Designing for multiple languages Part 1

Much like the sporadic series I write about developing for low bandwidth, with our recent visual redesign of Maneno, I thought it was a good a time as any to delve in to the trials and tribulations of developing for multiple languages.
OldOn the left, you can see a screenshot of the old site. Oh, beloved old site, you were… functional. Honestly, the “design” really wasn’t that much of one. It worked and served its function, but it was quite basic and needed to be updated once we got a proper logo (which we have now) as well as a better understanding to how the site was going to function.
But, beyond aesthetics, the real issue was in how the interface worked with languages other than English. French for instance, says things in a much longer manner than English. I’ve always thought of French as an eloquent language with an impossible alphabet that you don’t pronounce half of when speaking. But still, the flow of letters would spill over quite a bit with the French version of the site. Most of this could be dealt with somewhat though. The real issue came with the African languages. Trying to truncate items could destroy all meaning and because we are trying to really promote these languages digitally, we really didn’t want to start “Anglifying” them with using abbreviations and ridiculous acronyms.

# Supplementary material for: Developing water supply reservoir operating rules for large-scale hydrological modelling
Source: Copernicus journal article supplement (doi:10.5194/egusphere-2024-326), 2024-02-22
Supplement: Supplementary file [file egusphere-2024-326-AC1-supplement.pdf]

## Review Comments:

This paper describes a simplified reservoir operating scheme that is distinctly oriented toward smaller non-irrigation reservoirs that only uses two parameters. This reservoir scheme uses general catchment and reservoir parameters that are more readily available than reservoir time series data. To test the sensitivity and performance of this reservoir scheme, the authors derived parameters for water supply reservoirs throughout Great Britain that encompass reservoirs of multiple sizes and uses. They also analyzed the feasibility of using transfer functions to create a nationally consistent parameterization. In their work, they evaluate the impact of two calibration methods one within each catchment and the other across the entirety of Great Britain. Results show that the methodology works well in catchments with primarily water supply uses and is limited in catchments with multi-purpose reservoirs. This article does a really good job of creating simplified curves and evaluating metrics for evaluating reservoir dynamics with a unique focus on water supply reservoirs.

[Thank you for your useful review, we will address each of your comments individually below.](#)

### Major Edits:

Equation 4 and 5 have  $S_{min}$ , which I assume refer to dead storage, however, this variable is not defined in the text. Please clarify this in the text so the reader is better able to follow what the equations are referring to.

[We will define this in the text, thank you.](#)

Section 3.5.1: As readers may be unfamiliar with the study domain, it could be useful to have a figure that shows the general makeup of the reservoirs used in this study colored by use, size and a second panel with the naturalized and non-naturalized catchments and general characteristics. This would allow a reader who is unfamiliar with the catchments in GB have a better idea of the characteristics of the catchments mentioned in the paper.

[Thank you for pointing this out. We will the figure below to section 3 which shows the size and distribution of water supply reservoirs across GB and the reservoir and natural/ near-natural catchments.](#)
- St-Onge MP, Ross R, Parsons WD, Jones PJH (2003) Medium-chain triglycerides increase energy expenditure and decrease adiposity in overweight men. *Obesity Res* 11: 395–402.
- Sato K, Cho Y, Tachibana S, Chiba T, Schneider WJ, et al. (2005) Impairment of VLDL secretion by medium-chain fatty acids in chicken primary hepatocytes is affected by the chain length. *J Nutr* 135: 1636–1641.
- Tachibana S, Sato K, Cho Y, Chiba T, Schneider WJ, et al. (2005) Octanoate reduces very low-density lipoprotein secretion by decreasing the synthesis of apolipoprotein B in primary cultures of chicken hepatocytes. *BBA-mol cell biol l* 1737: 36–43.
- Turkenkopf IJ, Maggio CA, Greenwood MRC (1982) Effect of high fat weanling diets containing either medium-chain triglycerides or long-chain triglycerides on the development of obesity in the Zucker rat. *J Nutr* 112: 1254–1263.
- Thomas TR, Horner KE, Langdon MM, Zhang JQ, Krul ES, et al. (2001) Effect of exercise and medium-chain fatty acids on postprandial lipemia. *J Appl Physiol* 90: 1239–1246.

newSo enters the new design. Graphically, I feel that it is a lot more pleasing and with the introduction of the new logo, the pages appear much, much more harmonious with one another. But most important is the fact that this design deals with multiple languages a great deal better. Space has been provided for the flow and length of various languages. For instance the “join” section which looked really ugly in Fula with how we had the site originally designed allows for it to be a great number of characters now, which are centered, so it will flow in or out depending on the length. Also, the log in section works a great deal better as well with the logged in menu items having enough space for their various sizes.
There is still room to grow with all of this, but it’s definitely a massive step in the right direction. Given a couple more languages, this will probably get locked down even more.